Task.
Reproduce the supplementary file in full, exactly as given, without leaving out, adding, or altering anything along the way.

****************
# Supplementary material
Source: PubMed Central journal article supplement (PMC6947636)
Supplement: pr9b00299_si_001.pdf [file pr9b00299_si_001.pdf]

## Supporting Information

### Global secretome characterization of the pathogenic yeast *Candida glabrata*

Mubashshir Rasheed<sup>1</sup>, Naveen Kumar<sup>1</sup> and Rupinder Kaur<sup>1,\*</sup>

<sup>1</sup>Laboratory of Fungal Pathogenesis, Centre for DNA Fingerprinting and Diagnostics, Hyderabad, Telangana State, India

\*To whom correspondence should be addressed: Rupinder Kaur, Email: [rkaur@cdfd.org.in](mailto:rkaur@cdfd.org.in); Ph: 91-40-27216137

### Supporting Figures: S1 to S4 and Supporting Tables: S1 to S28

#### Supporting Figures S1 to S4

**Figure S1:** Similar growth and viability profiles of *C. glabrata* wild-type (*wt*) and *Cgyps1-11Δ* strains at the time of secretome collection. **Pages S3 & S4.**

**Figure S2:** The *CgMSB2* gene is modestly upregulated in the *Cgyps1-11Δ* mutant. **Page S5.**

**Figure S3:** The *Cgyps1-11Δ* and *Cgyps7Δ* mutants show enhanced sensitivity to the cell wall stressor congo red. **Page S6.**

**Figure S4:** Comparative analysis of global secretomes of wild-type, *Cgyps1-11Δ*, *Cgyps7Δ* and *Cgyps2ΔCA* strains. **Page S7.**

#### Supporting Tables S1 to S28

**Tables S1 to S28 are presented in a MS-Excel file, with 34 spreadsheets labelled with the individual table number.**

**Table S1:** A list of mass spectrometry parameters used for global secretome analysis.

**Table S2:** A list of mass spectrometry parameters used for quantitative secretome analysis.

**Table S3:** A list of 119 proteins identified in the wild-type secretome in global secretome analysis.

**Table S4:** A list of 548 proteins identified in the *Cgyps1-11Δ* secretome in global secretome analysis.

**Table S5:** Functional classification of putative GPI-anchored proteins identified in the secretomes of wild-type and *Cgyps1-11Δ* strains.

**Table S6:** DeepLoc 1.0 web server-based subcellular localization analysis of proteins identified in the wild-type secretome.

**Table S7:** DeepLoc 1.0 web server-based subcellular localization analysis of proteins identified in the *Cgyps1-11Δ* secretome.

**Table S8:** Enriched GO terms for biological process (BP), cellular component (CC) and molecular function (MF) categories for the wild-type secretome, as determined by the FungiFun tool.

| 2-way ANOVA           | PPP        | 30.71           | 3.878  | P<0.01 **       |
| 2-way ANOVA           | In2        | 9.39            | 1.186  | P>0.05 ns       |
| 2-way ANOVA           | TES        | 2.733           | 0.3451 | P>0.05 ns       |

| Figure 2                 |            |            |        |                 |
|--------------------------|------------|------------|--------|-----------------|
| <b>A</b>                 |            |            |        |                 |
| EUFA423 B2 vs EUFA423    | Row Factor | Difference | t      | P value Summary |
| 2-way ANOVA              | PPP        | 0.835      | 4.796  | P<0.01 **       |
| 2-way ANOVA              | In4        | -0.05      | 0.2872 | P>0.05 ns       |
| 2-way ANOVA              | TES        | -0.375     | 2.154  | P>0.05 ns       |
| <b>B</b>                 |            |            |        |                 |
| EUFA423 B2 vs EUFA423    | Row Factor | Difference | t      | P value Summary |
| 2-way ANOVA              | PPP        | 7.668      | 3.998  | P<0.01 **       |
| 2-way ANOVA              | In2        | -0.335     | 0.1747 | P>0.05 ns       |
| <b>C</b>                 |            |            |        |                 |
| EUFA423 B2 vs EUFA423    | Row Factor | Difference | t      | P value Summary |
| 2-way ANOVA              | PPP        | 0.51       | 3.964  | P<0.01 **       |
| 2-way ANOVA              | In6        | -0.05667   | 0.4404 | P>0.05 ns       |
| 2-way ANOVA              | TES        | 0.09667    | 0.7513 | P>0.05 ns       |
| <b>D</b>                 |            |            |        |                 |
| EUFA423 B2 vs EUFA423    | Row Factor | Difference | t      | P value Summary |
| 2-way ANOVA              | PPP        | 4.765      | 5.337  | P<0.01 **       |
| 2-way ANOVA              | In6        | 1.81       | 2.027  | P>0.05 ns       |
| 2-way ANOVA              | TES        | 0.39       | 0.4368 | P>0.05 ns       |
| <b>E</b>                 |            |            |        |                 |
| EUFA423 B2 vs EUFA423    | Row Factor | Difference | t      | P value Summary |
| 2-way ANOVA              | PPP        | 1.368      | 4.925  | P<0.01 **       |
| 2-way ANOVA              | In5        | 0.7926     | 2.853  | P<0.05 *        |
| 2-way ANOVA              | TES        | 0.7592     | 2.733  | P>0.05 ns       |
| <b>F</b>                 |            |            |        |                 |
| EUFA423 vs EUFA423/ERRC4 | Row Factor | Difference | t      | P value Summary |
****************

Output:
# Supplementary material
Source: PubMed Central journal article supplement (PMC6947636)
Supplement: pr9b00299_si_001.pdf [file pr9b00299_si_001.pdf]

## Supporting Information

### Global secretome characterization of the pathogenic yeast *Candida glabrata*

Mubashshir Rasheed<sup>1</sup>, Naveen Kumar<sup>1</sup> and Rupinder Kaur<sup>1,\*</sup>

<sup>1</sup>Laboratory of Fungal Pathogenesis, Centre for DNA Fingerprinting and Diagnostics, Hyderabad, Telangana State, India

\*To whom correspondence should be addressed: Rupinder Kaur, Email: [rkaur@cdfd.org.in](mailto:rkaur@cdfd.org.in); Ph: 91-40-27216137

### Supporting Figures: S1 to S4 and Supporting Tables: S1 to S28

#### Supporting Figures S1 to S4

**Figure S1:** Similar growth and viability profiles of *C. glabrata* wild-type (*wt*) and *Cgyps1-11Δ* strains at the time of secretome collection. **Pages S3 & S4.**

**Figure S2:** The *CgMSB2* gene is modestly upregulated in the *Cgyps1-11Δ* mutant. **Page S5.**

**Figure S3:** The *Cgyps1-11Δ* and *Cgyps7Δ* mutants show enhanced sensitivity to the cell wall stressor congo red. **Page S6.**

**Figure S4:** Comparative analysis of global secretomes of wild-type, *Cgyps1-11Δ*, *Cgyps7Δ* and *Cgyps2ΔCA* strains. **Page S7.**

#### Supporting Tables S1 to S28

**Tables S1 to S28 are presented in a MS-Excel file, with 34 spreadsheets labelled with the individual table number.**

**Table S1:** A list of mass spectrometry parameters used for global secretome analysis.

**Table S2:** A list of mass spectrometry parameters used for quantitative secretome analysis.

**Table S3:** A list of 119 proteins identified in the wild-type secretome in global secretome analysis.

**Table S4:** A list of 548 proteins identified in the *Cgyps1-11Δ* secretome in global secretome analysis.

**Table S5:** Functional classification of putative GPI-anchored proteins identified in the secretomes of wild-type and *Cgyps1-11Δ* strains.

**Table S6:** DeepLoc 1.0 web server-based subcellular localization analysis of proteins identified in the wild-type secretome.

**Table S7:** DeepLoc 1.0 web server-based subcellular localization analysis of proteins identified in the *Cgyps1-11Δ* secretome.

**Table S8:** Enriched GO terms for biological process (BP), cellular component (CC) and molecular function (MF) categories for the wild-type secretome, as determined by the FungiFun tool.

| 2-way ANOVA           | PPP        | 30.71           | 3.878  | P<0.01 **       |
| 2-way ANOVA           | In2        | 9.39            | 1.186  | P>0.05 ns       |
| 2-way ANOVA           | TES        | 2.733           | 0.3451 | P>0.05 ns       |

| Figure 2                 |            |            |        |                 |
|--------------------------|------------|------------|--------|-----------------|
| <b>A</b>                 |            |            |        |                 |
| EUFA423 B2 vs EUFA423    | Row Factor | Difference | t      | P value Summary |
| 2-way ANOVA              | PPP        | 0.835      | 4.796  | P<0.01 **       |
| 2-way ANOVA              | In4        | -0.05      | 0.2872 | P>0.05 ns       |
| 2-way ANOVA              | TES        | -0.375     | 2.154  | P>0.05 ns       |
| <b>B</b>                 |            |            |        |                 |
| EUFA423 B2 vs EUFA423    | Row Factor | Difference | t      | P value Summary |
| 2-way ANOVA              | PPP        | 7.668      | 3.998  | P<0.01 **       |
| 2-way ANOVA              | In2        | -0.335     | 0.1747 | P>0.05 ns       |
| <b>C</b>                 |            |            |        |                 |
| EUFA423 B2 vs EUFA423    | Row Factor | Difference | t      | P value Summary |
| 2-way ANOVA              | PPP        | 0.51       | 3.964  | P<0.01 **       |
| 2-way ANOVA              | In6        | -0.05667   | 0.4404 | P>0.05 ns       |
| 2-way ANOVA              | TES        | 0.09667    | 0.7513 | P>0.05 ns       |
| <b>D</b>                 |            |            |        |                 |
| EUFA423 B2 vs EUFA423    | Row Factor | Difference | t      | P value Summary |
| 2-way ANOVA              | PPP        | 4.765      | 5.337  | P<0.01 **       |
| 2-way ANOVA              | In6        | 1.81       | 2.027  | P>0.05 ns       |
| 2-way ANOVA              | TES        | 0.39       | 0.4368 | P>0.05 ns       |
| <b>E</b>                 |            |            |        |                 |
| EUFA423 B2 vs EUFA423    | Row Factor | Difference | t      | P value Summary |
| 2-way ANOVA              | PPP        | 1.368      | 4.925  | P<0.01 **       |
| 2-way ANOVA              | In5        | 0.7926     | 2.853  | P<0.05 *        |
| 2-way ANOVA              | TES        | 0.7592     | 2.733  | P>0.05 ns       |
| <b>F</b>                 |            |            |        |                 |
| EUFA423 vs EUFA423/ERRC4 | Row Factor | Difference | t      | P value Summary |